Sunday, 22 September 2013


for Catherine and DvP
The first thing you notice is the astonishing blue. It is a woman’s dress, with a luminous life of its own, a bright heart bursting out of a pale pink shell, made of the same colours as the blue sky, flushed pale carmine by the setting sun. Darkling, she “cannot see what flowers are at her feet, /Nor what soft incense hangs upon the boughs”. She has a woman’s head, but her body looks more like an exotic blue flower, a lady elf transforming from gordian to woman’s shape. Her dark curling hair might be part of a tree’s foliage.

Lady Bate-Dudley, oil on canvas c.1787. © Tate. Her husband, Sir Henry, known as the Fighting Parson, was a loyal friend and supporter of Gainsborough; he also wrote comic operas. The Bate-Dudleys inhabited a surprisingly passionate landscape in their own lives.

Viewed as late 18th century society portraiture, Gainsborough’s painting of Lady Bate-Dudley is disconcerting, being far more about abstract colour and light than the status of the sitter; as poetry of art, it perfectly evokes states of mind painted in words by Keats.

Gainsborough was a poetic painter, Keats the most painterly of poets in an age inspired by unbounded imaginative affinities. Keats’ liquid imagery was as often in danger.....
of dripping from his verse as Gainsborough’s oil-diluted colours from his palette. They were both attracted to contrasts of the tenderness of “embalmed darkness”[1] and the “silvery splendour”[2] of light; “the depths of twilight and the dews and pearls of the morning” that John Constable identified as the essence of Gainsborough's landscape.[3]
In one of his Hampstead lectures, Constable declared: “chiarascuro, colour, and composition, are all poetic qualities”. Keats composed To Autumn after seeing a rosy-hued stubble plain looking “warm - in the same way that some pictures look warm”. [4] Constable recognized his own joyful identification with nature in the emotions of Milton’s Adam, “his eyes opening for the first time on the wonders of the animate and inanimate world”, [5] the same fragrant, smiling landscape in Paradise Lost where the spiritual passage of waking to find “all real, as the dream” struck Keats as analogous to the “Imagination and its empyreal reflection”.[6]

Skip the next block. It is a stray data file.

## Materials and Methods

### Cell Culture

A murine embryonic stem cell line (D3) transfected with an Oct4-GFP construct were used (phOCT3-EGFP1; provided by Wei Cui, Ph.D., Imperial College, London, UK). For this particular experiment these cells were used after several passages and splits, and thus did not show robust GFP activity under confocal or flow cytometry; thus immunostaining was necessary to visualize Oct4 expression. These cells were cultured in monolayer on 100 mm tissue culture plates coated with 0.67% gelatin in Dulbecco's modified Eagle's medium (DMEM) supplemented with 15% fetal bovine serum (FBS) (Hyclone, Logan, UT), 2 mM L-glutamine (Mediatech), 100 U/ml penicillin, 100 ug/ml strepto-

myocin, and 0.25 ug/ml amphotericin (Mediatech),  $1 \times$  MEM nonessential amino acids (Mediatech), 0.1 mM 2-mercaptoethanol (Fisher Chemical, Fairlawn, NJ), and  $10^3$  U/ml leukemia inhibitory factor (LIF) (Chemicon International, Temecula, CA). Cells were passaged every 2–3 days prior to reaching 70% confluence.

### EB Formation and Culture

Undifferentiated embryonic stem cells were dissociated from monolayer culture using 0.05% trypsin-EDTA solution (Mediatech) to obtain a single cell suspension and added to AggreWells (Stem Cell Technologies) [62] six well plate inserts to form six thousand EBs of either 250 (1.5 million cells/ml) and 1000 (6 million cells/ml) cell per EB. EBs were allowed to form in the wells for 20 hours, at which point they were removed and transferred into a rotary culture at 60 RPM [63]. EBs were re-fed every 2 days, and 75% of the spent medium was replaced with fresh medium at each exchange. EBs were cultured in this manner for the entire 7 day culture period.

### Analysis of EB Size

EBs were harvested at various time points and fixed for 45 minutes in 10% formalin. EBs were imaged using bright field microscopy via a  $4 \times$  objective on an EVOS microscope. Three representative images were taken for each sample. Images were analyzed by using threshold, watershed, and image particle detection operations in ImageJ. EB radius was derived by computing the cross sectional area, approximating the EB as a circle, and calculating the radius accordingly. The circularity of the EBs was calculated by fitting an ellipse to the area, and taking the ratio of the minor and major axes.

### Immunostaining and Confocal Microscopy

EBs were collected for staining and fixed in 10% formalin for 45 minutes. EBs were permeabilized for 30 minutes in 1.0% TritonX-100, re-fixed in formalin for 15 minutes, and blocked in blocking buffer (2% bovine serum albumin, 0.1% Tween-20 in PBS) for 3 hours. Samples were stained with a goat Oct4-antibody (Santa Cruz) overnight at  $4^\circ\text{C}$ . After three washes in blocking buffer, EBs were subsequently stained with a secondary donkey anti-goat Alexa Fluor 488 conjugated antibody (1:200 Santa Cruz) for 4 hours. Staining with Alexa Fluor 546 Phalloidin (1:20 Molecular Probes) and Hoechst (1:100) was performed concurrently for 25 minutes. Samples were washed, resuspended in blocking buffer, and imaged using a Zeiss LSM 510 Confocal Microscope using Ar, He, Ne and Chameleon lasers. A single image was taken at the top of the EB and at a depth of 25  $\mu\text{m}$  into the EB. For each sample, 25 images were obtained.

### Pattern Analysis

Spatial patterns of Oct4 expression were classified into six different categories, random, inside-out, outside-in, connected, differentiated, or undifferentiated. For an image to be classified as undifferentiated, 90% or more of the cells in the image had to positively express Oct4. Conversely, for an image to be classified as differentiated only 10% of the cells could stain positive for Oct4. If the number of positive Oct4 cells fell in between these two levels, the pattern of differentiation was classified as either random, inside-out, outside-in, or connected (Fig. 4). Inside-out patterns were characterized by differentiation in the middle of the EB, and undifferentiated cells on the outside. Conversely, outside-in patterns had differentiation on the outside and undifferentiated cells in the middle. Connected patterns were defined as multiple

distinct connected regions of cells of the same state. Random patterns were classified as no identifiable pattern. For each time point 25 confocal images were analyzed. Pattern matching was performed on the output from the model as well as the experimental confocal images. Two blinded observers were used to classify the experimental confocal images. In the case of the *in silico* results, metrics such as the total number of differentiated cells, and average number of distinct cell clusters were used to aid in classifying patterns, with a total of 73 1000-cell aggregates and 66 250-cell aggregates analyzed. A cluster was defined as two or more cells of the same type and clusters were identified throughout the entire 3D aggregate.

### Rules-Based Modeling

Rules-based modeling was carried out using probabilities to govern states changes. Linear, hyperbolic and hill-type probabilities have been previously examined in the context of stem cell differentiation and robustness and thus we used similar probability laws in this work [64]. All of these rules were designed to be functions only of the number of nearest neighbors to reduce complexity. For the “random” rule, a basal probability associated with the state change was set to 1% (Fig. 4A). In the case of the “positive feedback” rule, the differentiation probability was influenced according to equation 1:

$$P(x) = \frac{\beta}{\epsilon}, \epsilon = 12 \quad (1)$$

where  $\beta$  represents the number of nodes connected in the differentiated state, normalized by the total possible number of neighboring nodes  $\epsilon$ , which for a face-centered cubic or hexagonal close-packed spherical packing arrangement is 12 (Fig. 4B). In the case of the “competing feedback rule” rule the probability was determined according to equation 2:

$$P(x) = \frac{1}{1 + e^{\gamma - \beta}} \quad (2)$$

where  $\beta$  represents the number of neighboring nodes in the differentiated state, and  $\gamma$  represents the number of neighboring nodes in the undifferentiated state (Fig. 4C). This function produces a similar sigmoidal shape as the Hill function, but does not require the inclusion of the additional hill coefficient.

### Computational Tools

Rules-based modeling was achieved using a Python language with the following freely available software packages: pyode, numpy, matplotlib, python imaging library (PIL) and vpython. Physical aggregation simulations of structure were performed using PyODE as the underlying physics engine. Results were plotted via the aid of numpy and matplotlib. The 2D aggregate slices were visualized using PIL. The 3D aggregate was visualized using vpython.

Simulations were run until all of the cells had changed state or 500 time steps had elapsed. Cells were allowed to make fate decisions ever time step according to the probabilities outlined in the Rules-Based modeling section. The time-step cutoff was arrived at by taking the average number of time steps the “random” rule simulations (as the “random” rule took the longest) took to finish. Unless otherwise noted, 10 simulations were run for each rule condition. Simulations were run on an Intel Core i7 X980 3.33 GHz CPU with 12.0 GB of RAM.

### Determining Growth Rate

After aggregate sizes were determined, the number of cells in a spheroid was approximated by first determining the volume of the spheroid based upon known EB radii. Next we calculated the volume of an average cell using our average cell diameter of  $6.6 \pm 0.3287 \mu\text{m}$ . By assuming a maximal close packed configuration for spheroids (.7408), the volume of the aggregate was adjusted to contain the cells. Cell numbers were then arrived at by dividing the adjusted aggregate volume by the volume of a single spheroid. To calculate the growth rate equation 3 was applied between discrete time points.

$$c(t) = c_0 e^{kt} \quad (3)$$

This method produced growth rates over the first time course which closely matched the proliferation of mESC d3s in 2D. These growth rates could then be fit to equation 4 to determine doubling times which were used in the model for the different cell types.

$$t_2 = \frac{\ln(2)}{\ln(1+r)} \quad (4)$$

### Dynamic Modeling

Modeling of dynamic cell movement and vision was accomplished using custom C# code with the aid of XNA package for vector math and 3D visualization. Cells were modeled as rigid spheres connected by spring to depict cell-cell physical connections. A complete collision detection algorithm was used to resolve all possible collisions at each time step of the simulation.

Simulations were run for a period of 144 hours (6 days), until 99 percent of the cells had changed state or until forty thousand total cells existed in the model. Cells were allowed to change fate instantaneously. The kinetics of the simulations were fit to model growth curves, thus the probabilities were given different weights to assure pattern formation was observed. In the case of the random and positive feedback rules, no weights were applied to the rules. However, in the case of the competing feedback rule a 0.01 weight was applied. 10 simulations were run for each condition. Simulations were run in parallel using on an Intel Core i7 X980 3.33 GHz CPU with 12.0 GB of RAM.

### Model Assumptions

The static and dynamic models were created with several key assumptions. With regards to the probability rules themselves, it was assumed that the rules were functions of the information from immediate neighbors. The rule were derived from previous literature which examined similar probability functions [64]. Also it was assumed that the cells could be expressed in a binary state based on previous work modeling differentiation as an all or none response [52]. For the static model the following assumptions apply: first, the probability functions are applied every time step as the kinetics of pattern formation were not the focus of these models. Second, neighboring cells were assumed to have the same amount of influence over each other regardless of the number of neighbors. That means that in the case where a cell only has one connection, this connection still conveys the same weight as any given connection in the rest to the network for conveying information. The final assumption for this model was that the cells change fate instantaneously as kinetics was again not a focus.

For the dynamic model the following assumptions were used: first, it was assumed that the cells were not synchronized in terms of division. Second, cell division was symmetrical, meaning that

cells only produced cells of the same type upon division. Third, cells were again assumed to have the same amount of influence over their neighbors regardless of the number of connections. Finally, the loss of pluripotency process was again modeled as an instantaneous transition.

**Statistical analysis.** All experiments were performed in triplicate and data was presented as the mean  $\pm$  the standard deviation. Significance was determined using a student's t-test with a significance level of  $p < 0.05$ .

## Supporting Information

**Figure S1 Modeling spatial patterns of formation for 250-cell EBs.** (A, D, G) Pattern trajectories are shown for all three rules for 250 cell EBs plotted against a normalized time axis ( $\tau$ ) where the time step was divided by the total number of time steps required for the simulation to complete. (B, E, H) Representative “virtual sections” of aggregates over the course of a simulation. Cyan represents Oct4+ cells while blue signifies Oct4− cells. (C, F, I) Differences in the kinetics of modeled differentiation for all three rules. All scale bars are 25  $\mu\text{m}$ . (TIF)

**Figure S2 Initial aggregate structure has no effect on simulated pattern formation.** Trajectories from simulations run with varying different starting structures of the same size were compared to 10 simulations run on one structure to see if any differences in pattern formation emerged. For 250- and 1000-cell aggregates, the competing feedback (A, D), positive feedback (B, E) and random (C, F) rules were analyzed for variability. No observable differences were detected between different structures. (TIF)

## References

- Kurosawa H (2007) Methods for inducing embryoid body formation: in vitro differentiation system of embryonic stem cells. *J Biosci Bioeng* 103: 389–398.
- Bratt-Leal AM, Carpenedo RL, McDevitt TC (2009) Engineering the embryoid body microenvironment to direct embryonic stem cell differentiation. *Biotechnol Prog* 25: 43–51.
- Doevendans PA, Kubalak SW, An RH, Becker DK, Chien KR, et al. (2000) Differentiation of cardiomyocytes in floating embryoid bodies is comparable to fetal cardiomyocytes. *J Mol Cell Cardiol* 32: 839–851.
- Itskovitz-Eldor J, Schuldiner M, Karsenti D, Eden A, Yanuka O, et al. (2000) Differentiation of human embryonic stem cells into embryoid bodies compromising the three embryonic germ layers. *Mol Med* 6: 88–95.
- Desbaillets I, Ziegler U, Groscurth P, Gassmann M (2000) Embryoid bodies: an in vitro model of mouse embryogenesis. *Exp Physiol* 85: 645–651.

A Hayfield near East Bergholt at Sunset by John Constable. Oil on paper. © Victoria and Albert Museum, London
"....barrèd clouds bloom the soft-dying day/ And touch the stubble-plains with rosy hue..."
Keats: Ode to Autumn

In Constable’s paintings, the transition from objective description to personal declaration of feeling is imperceptible; his ego is nowhere to be found. He has the quality which Keats called “Negative Capability”. He saw a chain of art, as Keats saw the march of Intellect, minds that “leave other in contrary directions, traverse each other in Numberless points, and [at] last greet each other at the Journeys end”.[7] Constable advised young painters to study old masters - no great painter could have existed without them - but not to imitate them, which produces mannerism. “When I sit down to make a sketch from nature, the first thing I try to do is, to forget I have ever seen a picture”.[8]

His process recalls Keats’ own training of himself in poetry, shedding imitations while still learning from great poets, all the while trying to be passive and receptive on the “voyage of conception”, the flower, not the bee, producing works of art that leave the reader or viewer in the “Luxury of twilight”, with the feeling of remembered experiences, their “own highest thoughts”.[9]

[1] Keats, Ode to a Nightingale.
[2] Keats, Hyperion, Book III
[3] Constable describing Gainsborough’s landscape, C.R. Leslie, Memoirs of the Life of John Constable, Composed Chiefly of His Letters (1843), Phaidon, London, 1951, p322.
[4] Letters of John Keats, a selection edited by Robert Gittings, OUP, 1970, p291
[5] Constable, Memoirs, 329
[6] Keats, Letters, 37

[7] Letters, 66
[8] Constable, Memoirs, 279 

[9] Keats, Letters, 65, 70
part two, part three, part four, part five

detail of Turner's Ovid Banished from Rome,1838

detail of Claude's Seaport with the Embarkation of Saint Ursula, oil on canvas, 1641. National Gallery London. Image source: WGA
" no other picture have I seen the evanescent character of light so well expressed." John Constable, Second Lecture at the Royal Institution, 1836
A chain for reference

Claude Lorrain,1600 -1682
John Milton 1608-1674; Paradise Lost published in 1667
William Hogarth 1697-1764
Thomas Gainsborough 1727 -1788
William Cowper 1731-1800
William Blake 1757-1827
Thomas Lawrence 1769 -1830
William Wordsworth 1770-1850
Coleridge and Wordworth's Lyrical Ballads published in 1798
J.M. William Turner 1775-1851
John Constable 1776-1837; painted in the open air in Hampstead from 1812; first lived there with his family in the summer of 1819
John Keats 1795-1821; lived in Hampstead 1818 -1820; great ode sequence written in 1819
Samuel Palmer 1805-1881
George Frederic Watts 1817-1904
Edward Burne-Jones 1833-1898 
Claude Monet 1840-1926
Edvard Munch 1863-1944